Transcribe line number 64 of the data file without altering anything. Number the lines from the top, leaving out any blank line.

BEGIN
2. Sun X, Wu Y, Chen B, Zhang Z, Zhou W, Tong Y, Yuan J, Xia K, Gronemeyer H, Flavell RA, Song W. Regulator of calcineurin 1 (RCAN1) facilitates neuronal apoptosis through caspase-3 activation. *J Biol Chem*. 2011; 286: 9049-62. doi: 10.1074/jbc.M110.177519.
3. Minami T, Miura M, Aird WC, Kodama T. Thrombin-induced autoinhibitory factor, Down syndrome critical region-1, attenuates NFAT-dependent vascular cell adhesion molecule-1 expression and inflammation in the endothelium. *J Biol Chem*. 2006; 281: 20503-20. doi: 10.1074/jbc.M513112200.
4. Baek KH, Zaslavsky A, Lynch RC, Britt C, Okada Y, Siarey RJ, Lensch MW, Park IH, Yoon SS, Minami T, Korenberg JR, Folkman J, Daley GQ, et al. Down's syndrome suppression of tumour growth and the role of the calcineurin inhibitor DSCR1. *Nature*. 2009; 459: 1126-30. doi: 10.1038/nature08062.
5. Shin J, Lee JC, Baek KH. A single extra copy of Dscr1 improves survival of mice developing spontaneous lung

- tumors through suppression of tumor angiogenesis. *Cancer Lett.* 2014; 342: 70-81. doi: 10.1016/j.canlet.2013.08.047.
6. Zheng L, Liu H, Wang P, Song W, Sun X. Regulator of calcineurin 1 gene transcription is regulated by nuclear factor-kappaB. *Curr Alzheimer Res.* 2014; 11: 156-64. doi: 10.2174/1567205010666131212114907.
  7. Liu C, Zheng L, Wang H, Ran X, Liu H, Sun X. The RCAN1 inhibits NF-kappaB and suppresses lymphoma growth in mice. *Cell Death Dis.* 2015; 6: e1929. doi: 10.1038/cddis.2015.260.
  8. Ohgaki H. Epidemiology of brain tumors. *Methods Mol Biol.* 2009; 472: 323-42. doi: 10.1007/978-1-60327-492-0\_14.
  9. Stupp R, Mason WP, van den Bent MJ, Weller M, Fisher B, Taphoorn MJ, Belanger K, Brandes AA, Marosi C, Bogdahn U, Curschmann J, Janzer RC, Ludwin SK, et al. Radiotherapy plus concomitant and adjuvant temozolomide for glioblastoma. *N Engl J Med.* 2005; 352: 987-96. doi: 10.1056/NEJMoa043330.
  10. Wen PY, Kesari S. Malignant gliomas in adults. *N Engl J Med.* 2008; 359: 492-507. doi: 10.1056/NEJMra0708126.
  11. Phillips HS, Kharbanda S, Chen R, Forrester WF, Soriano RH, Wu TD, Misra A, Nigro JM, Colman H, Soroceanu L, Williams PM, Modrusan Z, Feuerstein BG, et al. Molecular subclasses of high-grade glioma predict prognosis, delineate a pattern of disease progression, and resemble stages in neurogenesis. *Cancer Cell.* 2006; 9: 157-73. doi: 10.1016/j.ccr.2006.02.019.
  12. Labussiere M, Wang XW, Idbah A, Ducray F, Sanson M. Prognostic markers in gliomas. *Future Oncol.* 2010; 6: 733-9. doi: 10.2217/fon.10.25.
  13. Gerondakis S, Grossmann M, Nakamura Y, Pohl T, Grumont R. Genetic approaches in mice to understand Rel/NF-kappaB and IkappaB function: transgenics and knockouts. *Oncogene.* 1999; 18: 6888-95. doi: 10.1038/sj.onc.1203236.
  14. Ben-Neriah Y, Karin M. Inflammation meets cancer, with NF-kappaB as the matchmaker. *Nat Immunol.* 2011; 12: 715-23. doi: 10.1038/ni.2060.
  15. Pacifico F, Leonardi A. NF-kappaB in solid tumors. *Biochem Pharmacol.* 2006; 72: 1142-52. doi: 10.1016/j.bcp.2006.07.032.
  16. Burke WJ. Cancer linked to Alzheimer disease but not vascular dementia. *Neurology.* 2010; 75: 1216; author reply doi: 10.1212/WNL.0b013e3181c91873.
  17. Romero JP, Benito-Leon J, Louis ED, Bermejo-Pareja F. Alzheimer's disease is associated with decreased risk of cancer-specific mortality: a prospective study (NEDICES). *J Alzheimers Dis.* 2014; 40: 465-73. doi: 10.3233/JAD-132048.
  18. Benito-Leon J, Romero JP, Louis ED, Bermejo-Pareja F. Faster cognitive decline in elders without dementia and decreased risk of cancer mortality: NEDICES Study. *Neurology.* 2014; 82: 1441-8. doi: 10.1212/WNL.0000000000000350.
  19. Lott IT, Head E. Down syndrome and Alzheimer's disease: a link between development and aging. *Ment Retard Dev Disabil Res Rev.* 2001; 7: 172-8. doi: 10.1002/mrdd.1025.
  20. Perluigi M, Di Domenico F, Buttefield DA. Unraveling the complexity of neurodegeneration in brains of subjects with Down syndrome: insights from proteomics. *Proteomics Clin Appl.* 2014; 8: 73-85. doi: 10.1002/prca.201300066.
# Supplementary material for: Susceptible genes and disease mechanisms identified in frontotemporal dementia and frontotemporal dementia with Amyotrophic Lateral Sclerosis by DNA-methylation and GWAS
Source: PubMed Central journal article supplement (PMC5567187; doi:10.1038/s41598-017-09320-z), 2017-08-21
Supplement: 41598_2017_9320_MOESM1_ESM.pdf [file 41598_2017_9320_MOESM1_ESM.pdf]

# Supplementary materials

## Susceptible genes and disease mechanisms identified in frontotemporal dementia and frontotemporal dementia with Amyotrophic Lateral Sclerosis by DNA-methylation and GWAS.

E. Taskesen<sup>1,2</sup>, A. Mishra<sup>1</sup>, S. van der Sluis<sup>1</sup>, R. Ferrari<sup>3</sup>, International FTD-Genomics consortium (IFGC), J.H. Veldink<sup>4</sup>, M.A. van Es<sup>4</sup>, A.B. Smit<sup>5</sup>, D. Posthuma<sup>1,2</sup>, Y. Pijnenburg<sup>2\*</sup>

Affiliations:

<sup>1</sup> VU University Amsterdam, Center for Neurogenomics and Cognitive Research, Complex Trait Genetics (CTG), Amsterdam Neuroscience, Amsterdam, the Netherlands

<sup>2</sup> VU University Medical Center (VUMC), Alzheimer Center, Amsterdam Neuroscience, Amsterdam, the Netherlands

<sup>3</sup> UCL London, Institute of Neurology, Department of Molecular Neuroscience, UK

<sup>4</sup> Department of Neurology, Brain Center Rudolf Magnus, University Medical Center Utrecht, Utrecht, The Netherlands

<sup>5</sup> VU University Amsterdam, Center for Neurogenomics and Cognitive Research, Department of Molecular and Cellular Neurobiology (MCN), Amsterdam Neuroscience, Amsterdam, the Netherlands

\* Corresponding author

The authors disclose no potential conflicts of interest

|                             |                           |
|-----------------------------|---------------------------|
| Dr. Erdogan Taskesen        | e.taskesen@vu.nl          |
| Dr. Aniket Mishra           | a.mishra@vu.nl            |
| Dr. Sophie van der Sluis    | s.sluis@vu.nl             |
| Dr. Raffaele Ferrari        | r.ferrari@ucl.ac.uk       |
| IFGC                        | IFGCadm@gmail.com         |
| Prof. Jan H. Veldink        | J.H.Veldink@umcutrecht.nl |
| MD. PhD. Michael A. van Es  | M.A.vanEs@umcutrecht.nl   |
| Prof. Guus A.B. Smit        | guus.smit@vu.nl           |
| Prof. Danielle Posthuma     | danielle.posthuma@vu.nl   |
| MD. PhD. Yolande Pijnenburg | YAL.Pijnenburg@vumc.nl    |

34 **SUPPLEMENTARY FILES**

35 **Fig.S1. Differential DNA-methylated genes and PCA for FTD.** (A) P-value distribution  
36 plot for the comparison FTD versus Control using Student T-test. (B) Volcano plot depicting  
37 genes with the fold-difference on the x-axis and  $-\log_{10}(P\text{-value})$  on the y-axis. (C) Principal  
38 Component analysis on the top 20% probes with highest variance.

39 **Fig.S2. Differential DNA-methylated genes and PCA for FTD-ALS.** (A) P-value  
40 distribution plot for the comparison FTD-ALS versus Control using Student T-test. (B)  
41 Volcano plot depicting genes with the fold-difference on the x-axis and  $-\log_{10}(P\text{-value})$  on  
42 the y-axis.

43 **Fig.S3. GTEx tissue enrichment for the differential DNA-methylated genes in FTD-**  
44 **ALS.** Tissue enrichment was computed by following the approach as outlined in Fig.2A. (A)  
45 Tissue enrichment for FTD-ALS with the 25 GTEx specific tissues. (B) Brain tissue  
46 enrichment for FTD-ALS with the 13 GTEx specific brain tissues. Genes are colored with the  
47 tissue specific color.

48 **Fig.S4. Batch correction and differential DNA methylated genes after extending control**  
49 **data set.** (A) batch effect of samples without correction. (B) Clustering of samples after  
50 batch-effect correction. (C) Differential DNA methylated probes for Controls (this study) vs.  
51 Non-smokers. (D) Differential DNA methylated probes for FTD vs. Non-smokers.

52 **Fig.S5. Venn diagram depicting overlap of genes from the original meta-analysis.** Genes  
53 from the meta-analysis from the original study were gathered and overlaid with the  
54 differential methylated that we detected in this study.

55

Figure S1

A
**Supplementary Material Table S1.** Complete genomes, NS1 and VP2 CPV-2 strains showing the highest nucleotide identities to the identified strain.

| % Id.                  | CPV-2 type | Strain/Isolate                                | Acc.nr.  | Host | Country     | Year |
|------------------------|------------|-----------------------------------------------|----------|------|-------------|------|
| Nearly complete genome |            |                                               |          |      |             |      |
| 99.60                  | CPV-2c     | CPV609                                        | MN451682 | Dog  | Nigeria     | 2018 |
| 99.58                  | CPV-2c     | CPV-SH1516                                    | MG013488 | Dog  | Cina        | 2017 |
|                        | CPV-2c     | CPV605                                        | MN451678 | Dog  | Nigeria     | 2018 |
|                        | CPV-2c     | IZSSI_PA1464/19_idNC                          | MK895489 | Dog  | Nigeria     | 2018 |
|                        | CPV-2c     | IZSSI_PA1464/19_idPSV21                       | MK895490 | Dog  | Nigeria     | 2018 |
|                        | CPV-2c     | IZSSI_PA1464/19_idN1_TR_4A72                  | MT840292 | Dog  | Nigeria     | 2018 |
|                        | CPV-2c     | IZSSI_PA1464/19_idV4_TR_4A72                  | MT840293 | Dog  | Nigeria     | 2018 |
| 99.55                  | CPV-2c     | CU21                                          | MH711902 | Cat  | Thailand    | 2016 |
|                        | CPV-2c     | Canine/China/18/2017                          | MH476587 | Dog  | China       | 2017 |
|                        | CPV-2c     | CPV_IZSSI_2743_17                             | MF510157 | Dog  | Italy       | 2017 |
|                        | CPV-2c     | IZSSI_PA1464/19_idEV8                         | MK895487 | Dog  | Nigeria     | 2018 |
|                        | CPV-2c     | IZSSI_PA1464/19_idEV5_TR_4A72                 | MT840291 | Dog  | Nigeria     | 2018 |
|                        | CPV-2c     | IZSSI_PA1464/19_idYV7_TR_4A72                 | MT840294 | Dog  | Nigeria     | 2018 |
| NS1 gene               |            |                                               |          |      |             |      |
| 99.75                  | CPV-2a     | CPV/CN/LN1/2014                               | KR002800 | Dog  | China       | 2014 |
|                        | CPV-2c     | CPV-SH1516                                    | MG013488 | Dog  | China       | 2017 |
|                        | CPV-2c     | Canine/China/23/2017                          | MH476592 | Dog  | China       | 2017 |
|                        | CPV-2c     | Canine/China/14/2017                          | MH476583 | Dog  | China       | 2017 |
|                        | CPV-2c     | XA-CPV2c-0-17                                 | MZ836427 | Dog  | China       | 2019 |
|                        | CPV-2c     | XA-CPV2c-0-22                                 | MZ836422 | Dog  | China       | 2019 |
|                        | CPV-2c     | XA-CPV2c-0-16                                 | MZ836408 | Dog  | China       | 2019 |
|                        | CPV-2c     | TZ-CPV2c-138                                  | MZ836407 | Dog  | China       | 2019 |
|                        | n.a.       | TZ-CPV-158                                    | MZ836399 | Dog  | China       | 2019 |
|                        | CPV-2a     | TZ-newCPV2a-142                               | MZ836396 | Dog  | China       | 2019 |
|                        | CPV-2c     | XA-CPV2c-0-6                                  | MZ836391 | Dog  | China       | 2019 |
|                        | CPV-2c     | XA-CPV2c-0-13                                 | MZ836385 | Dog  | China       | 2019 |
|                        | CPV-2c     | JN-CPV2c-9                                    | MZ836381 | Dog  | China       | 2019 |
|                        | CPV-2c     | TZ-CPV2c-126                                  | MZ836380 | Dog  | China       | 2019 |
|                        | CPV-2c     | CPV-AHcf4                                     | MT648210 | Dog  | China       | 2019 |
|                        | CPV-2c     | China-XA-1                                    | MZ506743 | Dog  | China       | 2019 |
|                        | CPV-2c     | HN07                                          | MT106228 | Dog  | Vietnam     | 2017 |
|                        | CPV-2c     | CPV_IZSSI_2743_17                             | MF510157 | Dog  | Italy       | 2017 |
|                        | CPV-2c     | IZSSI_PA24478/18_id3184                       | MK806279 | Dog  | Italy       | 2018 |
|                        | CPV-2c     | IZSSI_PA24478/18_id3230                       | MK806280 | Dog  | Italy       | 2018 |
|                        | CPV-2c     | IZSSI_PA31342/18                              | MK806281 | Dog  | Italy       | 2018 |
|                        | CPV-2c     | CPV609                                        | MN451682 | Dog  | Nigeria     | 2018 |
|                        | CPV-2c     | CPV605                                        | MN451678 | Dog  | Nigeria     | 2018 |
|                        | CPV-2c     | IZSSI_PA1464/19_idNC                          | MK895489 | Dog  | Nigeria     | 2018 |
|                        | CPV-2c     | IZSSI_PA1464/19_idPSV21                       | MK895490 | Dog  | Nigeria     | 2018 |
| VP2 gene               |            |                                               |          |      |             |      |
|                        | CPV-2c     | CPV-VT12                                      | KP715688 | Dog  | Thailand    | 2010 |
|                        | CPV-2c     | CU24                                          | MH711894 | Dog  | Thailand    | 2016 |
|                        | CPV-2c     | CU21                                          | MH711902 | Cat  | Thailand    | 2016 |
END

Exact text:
51 Non-smokers. (D) Differential DNA methylated probes for FTD vs. Non-smokers.